The Active Minds logo.


The world has changed so much this semester because of the spread of COVID-19. But despite it all, NYU students are finding new ways to connect with and support one another. Starting this year, Alyssa Goldberg, a Psychology major at the College of Arts and Science (CAS), reactivated NYU’s Active Minds chapter. With more than 500 chapters in colleges and high schools across the country, national nonprofit Active Minds seeks to destigmatize mental illness for students and encourage anyone struggling to reach out. In the months ahead, the club hopes to build awareness, spark conversation, and empower students in this time of unprecedented change.

A hand journaling.
A neon light in foliage that reads
A Fresh Start

As a longtime mental health advocate, Alyssa participated in several mental health–related campaigns and clubs in high school. When she came to NYU, she wanted to provide students with a similar welcoming community and accessible care. She also wanted to empower them to become advocates themselves. “My hope is for Active Minds at NYU to be a powerful force in mental health advocacy on and off campus,” she says.

“Many students are likely struggling with their mental health right now. It is so important that we connect with each other and find help. Student-led initiatives are an incredibly important component of the fight for comprehensive mental health care and the fight against stigma,” explains Alyssa. “We want to create an environment that is not only more accepting of mental health issues but provides students the access to the care they need.”

A laptop showing the gallery view of a Zoom call.
A Virtual Shoulder to Lean On

Active Minds NYU had big plans for the year ahead. But the COVID-19 pandemic caused them to step back and reconsider their structure and priorities. With a focus on accessibility and convenience, they now host biweekly Zoom meetings. Any NYU student can join through the NYU Engage portal.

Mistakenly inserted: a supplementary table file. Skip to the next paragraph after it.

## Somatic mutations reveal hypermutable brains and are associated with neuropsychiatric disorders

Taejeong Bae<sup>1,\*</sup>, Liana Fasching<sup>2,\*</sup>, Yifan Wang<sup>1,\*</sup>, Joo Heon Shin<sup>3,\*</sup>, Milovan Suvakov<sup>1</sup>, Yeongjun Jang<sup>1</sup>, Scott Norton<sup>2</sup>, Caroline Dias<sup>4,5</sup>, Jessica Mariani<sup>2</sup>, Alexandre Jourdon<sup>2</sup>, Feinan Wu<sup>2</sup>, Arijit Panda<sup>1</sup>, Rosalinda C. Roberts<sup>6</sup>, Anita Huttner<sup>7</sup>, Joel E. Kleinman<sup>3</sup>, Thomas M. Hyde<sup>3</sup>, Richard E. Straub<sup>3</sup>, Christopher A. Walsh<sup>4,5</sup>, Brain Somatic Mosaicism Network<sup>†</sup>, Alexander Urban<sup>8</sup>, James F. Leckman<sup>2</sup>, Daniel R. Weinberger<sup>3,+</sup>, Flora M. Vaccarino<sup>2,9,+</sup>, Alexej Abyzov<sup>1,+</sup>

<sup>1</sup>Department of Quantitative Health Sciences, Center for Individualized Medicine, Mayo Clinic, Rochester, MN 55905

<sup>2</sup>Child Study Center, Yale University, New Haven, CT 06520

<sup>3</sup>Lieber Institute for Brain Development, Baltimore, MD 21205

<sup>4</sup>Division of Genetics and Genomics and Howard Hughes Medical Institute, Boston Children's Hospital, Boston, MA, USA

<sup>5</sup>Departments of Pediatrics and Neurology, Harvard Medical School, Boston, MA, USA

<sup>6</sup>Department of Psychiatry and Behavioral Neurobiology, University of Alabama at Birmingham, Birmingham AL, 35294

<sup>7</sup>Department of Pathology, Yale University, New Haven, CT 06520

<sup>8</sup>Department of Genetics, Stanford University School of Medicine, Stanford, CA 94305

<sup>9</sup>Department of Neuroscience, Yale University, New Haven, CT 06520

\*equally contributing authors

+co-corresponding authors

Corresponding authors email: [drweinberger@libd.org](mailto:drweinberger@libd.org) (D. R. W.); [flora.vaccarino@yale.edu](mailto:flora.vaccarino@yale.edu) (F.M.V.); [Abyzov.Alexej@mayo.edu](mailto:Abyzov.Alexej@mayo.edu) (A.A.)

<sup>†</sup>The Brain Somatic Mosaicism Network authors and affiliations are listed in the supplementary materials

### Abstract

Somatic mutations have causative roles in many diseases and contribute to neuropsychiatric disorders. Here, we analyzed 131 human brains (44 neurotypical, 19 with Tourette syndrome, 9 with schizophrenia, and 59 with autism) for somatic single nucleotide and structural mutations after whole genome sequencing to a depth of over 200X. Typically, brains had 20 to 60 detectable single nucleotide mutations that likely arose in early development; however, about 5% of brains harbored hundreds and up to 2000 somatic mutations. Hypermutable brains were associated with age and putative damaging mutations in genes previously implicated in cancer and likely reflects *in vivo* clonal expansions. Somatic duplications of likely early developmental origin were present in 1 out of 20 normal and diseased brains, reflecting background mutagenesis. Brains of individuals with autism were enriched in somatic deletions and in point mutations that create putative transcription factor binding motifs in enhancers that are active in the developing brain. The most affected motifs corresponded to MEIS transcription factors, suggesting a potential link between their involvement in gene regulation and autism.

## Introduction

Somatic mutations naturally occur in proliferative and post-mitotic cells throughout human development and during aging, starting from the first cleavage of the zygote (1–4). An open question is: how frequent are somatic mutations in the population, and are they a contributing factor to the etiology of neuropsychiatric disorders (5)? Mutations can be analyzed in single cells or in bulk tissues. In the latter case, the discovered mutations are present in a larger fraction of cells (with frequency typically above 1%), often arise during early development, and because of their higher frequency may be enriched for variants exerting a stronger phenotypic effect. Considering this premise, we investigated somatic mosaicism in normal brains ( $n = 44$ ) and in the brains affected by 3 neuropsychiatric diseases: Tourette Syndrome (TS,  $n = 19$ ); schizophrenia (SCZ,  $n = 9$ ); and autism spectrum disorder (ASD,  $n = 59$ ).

Since the usual in-person outreach events are off the table for the time being, meetings are an opportunity to share resources and facilitate discussions on various issues related to mental health. These include managing COVID-related anxieties and maintaining general well-being. “There’s a barrier between having a mental illness and being able to get help,” says Shannon Hu. She is a Neural Science major at CAS and the vice president of NYU’s Active Minds chapter. “We’re ready to engage with the NYU community to help anyone who is going through tough times.”

Recently, Active Minds presented at the Tandon School of Engineering’s Virtual Town Hall on COVID-19’s impact on mental health. At the end of May, they plan to fundraise in support of NAMIWalks. Hosted by the National Alliance on Mental Illness (NAMI), this annual walk is organized to raise money and awareness for mental health. This year, the walk will occur at 120 virtual sites across the country. Going forward, students will have the opportunity to speak with specialists. They can also volunteer and do advocacy work themselves.

“To students struggling with your mental health during this challenging time: you’re not alone in feeling what you’re feeling!” says Alyssa. “It may seem like quarantine should be this time where you’re extra productive and mastering new skills. But in reality, many students are experiencing increased symptoms of anxiety and depression. Go easy on yourself. Remember to practice self-care. And know that it’s OK to reach out for help if you need it.”

If You Need Help

NYU’s Student Health Center offers virtual counseling for anything you need to talk through. There is also the 24/7 Wellness Exchange hotline and app. Using Wellness Exchange, you can talk or text with a counselor no matter where you are.

Other resources that Alyssa recommends include:

The Crisis Text Line provides free, confidential, 24/7 support to people experiencing a crisis. Students can text HOME to 741-741 to connect to a crisis counselor.

The Lifeline provides 24/7, free, and confidential support for people in suicidal crisis or emotional distress. Call 1-800-273-8255 to connect with a local crisis center.